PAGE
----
In 2004, President Ronald Reagan died of Alzheimer’s disease, a degenerative disease that affects the brain and kills men faster than women. Nobody knows what causes it, but research on this disease has exploded, with over 500 clinical trials occurring in the past decade alone.
2. Influenza/H1N1/Swine/H5N1/Bird Flu
The 2000’s saw two of the most ridiculously over-hyped communicable disease scares since AIDS. In 2005, Bird Flu hit the scene with a vengeance. Although the flu itself only killed a handful of people, many canceled trips to Asia where the flu was supposedly lurking. As time has told us, the Bird Flu scare turned out to be nothing more than just a scare. Fast forward to the end of this decade, 2009, when another flu scare came on the scene. Swine Flu or H1N1 seemingly began to spread like wildfire throughout North America, starting in Mexico and making its way around the U.S. then eventually around the globe. Unlike Bird Flu, Swine Flu was a world traveler. But like Bird Flu, the Swine Flu turned out to be another over-hyped scare. The reality is that the CDC instructed physicians to stop testing for H1N1 just a few months after it appeared. Without testing, there is no way to truly know how many cases were H1N1, and how many were something else. But ask yourself how many people you personally know who had lab-confirmed Swine Flu. That will give you an idea of just how widespread it really wasn’t.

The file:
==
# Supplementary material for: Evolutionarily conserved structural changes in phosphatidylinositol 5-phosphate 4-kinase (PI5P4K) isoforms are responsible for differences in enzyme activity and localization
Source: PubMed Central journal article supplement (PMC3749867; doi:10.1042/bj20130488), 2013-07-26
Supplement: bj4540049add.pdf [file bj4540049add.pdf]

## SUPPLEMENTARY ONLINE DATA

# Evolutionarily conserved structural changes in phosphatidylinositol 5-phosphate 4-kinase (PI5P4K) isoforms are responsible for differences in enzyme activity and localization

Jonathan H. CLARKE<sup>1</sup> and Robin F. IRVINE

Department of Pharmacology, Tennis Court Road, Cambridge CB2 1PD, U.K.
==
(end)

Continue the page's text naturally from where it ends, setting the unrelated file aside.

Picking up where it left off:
1. Saturated Fat
I have chosen to put this as the #1 health scare of the decade not only because it has received the most attention in the health community, but because it is the most overblown and misleading health issue to-date. Saturated fat has long been considered an artery-clogging, heart-stopping, disgusting substance that must be avoided at all costs. We are encouraged to replace butter with slimy, hardened oils, to only eat dry, lean steak and chicken, to opt for watery skim milk instead of whole, and to supplement our coffee with a mysterious industrial white liquid instead of real cream. Yet, despite heeding all these recommendations, heart disease is still the number one killer of men in America. The reality is that saturated fat is necessary to human life. Saturated fat is what gives your cells their strength and structure. Two-thirds of your brain is composed of a saturated fat called oleic acid. Despite all this, saturated fat has been accused of causing heart disease in men, an conclusion based on studies which only looked at men who are diets high in saturated fat and high in carbohydrates. The science doesn’t lie. Studies have shown that diets high in saturated fat and low in carbohydrates are actually healthier than low-fat diets. My own personal experience bears this out. I consume very large amounts of saturated fats, and have for a long time, but I also eat a diet low in carbohydrates. My cholesterol, triglycerides, and all other risk factors for heart disease are excellent, even after consuming saturated fats regularly for years now.
All health scares have a positive and a negative side. Even ridiculously overblown scares can cause people to focus on their own health and take steps to learn more about it. Legitimate health concerns also show us the importance of getting and staying healthy, even if they may be a little scary. The bottom line is that you are responsible for your own health, and it’s up to you to do your own research and make your own health decisions. As the different health scares of the decade have shown, you can’t trust anybody else to make those decisions for you.